bushels. After finishing at one location, they often moved the
machine in the evening over the seldom traveled mountain roads.

Some farmers put their grain shocks in the barn to prevent them
from sprouting while waiting for the threshing machine to make its
rounds. Grain that was tough or green often heated up and had to be
stored on the barn floor to dry before it was put in the

‘One farmer in particular had a very small farm, and they
were threshing buckwheat there at his place. They moved in and set
up and threshed a half a day and got just a little over a bushel of
grain ’cause the deer had ate most of it. That’s the way it
went sometimes,’ Bob remembered.

The Caton brothers threshed for a circuit of farms ranging from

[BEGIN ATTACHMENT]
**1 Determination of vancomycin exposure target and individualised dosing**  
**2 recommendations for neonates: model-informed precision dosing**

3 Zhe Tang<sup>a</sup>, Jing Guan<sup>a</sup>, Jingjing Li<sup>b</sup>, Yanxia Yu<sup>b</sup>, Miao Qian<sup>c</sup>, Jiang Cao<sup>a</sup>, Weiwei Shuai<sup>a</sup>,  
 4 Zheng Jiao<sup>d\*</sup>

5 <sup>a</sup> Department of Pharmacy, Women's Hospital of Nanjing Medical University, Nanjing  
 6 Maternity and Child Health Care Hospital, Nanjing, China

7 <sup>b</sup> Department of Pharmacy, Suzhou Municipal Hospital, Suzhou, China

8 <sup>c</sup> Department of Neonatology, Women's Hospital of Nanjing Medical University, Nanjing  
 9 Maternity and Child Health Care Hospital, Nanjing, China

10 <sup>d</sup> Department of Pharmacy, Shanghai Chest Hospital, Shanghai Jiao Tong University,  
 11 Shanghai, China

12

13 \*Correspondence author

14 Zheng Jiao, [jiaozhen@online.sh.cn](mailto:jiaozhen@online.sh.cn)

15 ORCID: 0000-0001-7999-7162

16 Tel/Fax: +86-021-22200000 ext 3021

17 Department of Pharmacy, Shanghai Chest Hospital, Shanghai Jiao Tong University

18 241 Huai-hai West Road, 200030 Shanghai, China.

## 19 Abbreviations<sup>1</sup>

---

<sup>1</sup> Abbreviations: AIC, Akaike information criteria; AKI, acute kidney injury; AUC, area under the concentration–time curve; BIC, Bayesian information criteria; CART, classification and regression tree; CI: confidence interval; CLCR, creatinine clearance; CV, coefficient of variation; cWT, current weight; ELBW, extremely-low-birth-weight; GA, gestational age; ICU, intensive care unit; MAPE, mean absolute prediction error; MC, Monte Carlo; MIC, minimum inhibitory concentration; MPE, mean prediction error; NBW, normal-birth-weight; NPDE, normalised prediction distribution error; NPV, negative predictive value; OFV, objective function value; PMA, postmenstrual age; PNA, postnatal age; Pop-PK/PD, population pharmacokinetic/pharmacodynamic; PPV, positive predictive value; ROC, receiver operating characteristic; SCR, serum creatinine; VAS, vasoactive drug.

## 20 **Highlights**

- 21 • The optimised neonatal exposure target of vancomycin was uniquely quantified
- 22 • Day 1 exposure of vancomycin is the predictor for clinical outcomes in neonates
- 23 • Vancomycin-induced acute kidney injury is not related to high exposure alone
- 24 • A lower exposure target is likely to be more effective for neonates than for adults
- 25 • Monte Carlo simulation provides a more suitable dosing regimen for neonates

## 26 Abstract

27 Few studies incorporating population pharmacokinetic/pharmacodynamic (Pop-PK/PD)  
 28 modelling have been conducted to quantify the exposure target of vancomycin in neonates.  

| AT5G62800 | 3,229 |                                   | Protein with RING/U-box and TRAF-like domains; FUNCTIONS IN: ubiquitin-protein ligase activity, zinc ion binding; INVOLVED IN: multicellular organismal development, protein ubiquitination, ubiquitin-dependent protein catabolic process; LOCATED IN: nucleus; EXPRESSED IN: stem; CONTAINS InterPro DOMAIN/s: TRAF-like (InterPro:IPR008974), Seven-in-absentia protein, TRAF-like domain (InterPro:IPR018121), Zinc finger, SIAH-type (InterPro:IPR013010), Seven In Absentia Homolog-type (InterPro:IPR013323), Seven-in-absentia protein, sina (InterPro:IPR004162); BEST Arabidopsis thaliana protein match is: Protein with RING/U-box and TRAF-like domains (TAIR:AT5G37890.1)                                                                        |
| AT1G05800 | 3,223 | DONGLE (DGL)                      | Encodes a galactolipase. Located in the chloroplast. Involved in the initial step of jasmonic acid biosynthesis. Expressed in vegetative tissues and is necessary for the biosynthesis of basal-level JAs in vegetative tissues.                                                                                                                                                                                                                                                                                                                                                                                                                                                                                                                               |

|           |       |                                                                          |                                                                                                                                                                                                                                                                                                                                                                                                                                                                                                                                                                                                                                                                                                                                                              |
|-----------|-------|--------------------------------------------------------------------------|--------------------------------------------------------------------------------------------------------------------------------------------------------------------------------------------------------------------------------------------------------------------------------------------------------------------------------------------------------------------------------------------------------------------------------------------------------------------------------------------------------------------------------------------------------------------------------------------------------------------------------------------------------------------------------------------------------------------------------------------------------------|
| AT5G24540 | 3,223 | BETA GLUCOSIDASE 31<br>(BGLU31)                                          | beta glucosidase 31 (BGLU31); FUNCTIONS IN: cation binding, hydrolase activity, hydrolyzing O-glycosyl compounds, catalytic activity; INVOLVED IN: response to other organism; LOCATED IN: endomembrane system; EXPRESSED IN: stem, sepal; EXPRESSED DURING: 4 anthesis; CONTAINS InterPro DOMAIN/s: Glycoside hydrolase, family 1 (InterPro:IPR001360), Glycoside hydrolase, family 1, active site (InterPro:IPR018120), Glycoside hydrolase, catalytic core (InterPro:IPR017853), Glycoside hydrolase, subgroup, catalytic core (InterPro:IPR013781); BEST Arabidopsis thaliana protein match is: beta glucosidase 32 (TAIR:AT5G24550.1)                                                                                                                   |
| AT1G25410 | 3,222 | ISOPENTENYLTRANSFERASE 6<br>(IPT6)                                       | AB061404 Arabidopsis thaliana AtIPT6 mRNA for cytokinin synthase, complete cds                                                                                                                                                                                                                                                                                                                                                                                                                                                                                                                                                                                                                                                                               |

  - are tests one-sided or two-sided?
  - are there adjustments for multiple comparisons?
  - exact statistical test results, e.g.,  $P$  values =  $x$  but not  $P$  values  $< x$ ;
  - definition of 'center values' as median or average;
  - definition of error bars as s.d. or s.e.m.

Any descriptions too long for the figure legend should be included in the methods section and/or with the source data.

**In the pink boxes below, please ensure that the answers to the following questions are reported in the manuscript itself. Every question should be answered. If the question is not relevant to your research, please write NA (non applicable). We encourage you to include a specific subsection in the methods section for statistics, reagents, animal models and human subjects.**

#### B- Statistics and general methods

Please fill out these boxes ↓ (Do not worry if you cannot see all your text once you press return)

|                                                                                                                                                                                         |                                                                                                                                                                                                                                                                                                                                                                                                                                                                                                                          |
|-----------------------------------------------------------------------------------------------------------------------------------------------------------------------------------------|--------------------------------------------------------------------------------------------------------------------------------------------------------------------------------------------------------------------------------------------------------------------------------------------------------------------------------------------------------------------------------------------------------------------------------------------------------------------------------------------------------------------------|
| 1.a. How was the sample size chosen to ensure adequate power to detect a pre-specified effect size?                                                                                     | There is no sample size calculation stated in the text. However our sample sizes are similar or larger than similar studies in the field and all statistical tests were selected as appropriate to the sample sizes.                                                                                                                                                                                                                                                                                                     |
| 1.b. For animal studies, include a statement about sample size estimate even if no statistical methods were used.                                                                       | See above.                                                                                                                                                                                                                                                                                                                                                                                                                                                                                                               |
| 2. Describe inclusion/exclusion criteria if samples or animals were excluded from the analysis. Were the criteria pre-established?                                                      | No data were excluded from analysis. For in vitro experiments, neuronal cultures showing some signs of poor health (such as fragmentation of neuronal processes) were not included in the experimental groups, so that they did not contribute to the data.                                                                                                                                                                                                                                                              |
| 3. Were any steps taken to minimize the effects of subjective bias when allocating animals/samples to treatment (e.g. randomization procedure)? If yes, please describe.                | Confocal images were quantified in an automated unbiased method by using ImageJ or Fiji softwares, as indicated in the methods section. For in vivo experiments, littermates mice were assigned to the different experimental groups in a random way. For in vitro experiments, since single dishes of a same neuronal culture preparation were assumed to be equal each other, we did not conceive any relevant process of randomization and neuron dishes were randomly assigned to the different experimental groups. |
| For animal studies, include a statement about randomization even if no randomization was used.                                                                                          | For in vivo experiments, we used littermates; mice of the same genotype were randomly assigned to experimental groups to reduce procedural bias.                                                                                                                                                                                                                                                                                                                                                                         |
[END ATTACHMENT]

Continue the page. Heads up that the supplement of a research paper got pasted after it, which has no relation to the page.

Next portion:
the Deaner and Hostetler enterprises on the top of White Horse
Mountain to New Baltimore, Glen Savage, Bard Hollow, Camp Run
Hollow and Fairhope.

‘They were kept pretty busy, but by 1960, everybody pretty
much had their own machines or were starting to combine. It was
just about done by then as far as custom threshing was
concerned,’ Bob recalled.

His appreciation of the hard work involved in threshing comes
first hand, as he traveled with the men as a youngster and then
worked with the crew during the last years of their operation.

Along with the memories of sore muscles and barns so dusty you
couldn’t see, Bob also remembers the elaborate meals served to
the threshermen by their wives.

‘All the wives of the farmers who were helping would come
along and help cook. It was terrific eating. Once in a while it